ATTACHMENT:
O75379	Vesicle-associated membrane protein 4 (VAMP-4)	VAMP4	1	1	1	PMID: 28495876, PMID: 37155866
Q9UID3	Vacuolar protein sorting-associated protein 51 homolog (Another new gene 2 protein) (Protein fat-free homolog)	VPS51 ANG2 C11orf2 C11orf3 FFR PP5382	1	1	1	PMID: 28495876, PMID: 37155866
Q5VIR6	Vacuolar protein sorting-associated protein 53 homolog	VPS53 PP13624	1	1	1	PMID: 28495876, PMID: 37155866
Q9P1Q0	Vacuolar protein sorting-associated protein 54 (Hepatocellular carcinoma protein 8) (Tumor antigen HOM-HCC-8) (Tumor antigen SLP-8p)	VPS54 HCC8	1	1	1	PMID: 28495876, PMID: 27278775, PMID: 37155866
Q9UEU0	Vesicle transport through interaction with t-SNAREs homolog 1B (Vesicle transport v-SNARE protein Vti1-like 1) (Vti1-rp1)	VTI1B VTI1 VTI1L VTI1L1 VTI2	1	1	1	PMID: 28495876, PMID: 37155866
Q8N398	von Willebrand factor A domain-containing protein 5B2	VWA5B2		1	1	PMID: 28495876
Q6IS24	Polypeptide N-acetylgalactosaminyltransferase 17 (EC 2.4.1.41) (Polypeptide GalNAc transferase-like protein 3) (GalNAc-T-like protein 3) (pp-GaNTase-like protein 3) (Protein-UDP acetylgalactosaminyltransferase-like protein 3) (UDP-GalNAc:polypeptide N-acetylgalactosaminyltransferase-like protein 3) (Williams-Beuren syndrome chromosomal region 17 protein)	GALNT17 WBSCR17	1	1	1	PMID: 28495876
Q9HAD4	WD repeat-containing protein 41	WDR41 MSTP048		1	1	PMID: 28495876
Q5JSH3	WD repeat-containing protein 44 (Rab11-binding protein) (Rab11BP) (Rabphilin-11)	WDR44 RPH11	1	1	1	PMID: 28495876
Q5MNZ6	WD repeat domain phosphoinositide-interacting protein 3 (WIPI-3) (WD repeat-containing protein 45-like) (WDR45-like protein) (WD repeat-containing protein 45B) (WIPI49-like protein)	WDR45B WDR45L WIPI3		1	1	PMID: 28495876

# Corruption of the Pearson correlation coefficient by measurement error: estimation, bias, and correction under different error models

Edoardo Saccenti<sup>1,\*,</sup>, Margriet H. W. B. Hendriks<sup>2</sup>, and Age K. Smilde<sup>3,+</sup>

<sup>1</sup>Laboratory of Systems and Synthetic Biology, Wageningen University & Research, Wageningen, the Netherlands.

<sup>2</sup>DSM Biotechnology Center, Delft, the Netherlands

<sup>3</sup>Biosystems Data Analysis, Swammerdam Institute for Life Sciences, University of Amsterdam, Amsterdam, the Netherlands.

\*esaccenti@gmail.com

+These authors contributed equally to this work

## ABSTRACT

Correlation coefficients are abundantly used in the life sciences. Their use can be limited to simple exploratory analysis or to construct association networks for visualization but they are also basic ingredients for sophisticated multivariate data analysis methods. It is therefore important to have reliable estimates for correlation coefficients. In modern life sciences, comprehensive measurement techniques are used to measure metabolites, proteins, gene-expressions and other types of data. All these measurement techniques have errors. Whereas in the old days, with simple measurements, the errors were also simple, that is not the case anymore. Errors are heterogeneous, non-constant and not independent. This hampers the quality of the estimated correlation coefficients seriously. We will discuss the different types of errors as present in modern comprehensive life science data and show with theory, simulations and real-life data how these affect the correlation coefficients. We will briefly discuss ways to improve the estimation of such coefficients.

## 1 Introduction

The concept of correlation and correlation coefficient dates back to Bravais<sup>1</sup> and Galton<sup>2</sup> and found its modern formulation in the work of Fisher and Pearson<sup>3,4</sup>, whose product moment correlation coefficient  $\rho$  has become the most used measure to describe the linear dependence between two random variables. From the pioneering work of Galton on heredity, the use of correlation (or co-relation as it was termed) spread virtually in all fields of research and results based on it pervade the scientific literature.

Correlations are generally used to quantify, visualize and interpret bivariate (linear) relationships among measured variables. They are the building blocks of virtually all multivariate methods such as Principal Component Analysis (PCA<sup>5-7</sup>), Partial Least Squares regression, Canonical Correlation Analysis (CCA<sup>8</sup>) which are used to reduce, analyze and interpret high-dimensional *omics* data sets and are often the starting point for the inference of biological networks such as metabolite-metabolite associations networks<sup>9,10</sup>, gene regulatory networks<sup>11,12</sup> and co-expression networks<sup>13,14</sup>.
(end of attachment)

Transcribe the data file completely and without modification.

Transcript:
O75379	Vesicle-associated membrane protein 4 (VAMP-4)	VAMP4	1	1	1	PMID: 28495876, PMID: 37155866
Q9UID3	Vacuolar protein sorting-associated protein 51 homolog (Another new gene 2 protein) (Protein fat-free homolog)	VPS51 ANG2 C11orf2 C11orf3 FFR PP5382	1	1	1	PMID: 28495876, PMID: 37155866
Q5VIR6	Vacuolar protein sorting-associated protein 53 homolog	VPS53 PP13624	1	1	1	PMID: 28495876, PMID: 37155866
Q9P1Q0	Vacuolar protein sorting-associated protein 54 (Hepatocellular carcinoma protein 8) (Tumor antigen HOM-HCC-8) (Tumor antigen SLP-8p)	VPS54 HCC8	1	1	1	PMID: 28495876, PMID: 27278775, PMID: 37155866
Q9UEU0	Vesicle transport through interaction with t-SNAREs homolog 1B (Vesicle transport v-SNARE protein Vti1-like 1) (Vti1-rp1)	VTI1B VTI1 VTI1L VTI1L1 VTI2	1	1	1	PMID: 28495876, PMID: 37155866
Q8N398	von Willebrand factor A domain-containing protein 5B2	VWA5B2		1	1	PMID: 28495876
Q6IS24	Polypeptide N-acetylgalactosaminyltransferase 17 (EC 2.4.1.41) (Polypeptide GalNAc transferase-like protein 3) (GalNAc-T-like protein 3) (pp-GaNTase-like protein 3) (Protein-UDP acetylgalactosaminyltransferase-like protein 3) (UDP-GalNAc:polypeptide N-acetylgalactosaminyltransferase-like protein 3) (Williams-Beuren syndrome chromosomal region 17 protein)	GALNT17 WBSCR17	1	1	1	PMID: 28495876
Q9HAD4	WD repeat-containing protein 41	WDR41 MSTP048		1	1	PMID: 28495876
Q5JSH3	WD repeat-containing protein 44 (Rab11-binding protein) (Rab11BP) (Rabphilin-11)	WDR44 RPH11	1	1	1	PMID: 28495876
Q5MNZ6	WD repeat domain phosphoinositide-interacting protein 3 (WIPI-3) (WD repeat-containing protein 45-like) (WDR45-like protein) (WD repeat-containing protein 45B) (WIPI49-like protein)	WDR45B WDR45L WIPI3		1	1	PMID: 28495876

# Corruption of the Pearson correlation coefficient by measurement error: estimation, bias, and correction under different error models

Edoardo Saccenti<sup>1,\*,</sup>, Margriet H. W. B. Hendriks<sup>2</sup>, and Age K. Smilde<sup>3,+</sup>

<sup>1</sup>Laboratory of Systems and Synthetic Biology, Wageningen University & Research, Wageningen, the Netherlands.

<sup>2</sup>DSM Biotechnology Center, Delft, the Netherlands

<sup>3</sup>Biosystems Data Analysis, Swammerdam Institute for Life Sciences, University of Amsterdam, Amsterdam, the Netherlands.

\*esaccenti@gmail.com

+These authors contributed equally to this work

## ABSTRACT

Correlation coefficients are abundantly used in the life sciences. Their use can be limited to simple exploratory analysis or to construct association networks for visualization but they are also basic ingredients for sophisticated multivariate data analysis methods. It is therefore important to have reliable estimates for correlation coefficients. In modern life sciences, comprehensive measurement techniques are used to measure metabolites, proteins, gene-expressions and other types of data. All these measurement techniques have errors. Whereas in the old days, with simple measurements, the errors were also simple, that is not the case anymore. Errors are heterogeneous, non-constant and not independent. This hampers the quality of the estimated correlation coefficients seriously. We will discuss the different types of errors as present in modern comprehensive life science data and show with theory, simulations and real-life data how these affect the correlation coefficients. We will briefly discuss ways to improve the estimation of such coefficients.

## 1 Introduction

The concept of correlation and correlation coefficient dates back to Bravais<sup>1</sup> and Galton<sup>2</sup> and found its modern formulation in the work of Fisher and Pearson<sup>3,4</sup>, whose product moment correlation coefficient  $\rho$  has become the most used measure to describe the linear dependence between two random variables. From the pioneering work of Galton on heredity, the use of correlation (or co-relation as it was termed) spread virtually in all fields of research and results based on it pervade the scientific literature.

Correlations are generally used to quantify, visualize and interpret bivariate (linear) relationships among measured variables. They are the building blocks of virtually all multivariate methods such as Principal Component Analysis (PCA<sup>5-7</sup>), Partial Least Squares regression, Canonical Correlation Analysis (CCA<sup>8</sup>) which are used to reduce, analyze and interpret high-dimensional *omics* data sets and are often the starting point for the inference of biological networks such as metabolite-metabolite associations networks<sup>9,10</sup>, gene regulatory networks<sup>11,12</sup> and co-expression networks<sup>13,14</sup>.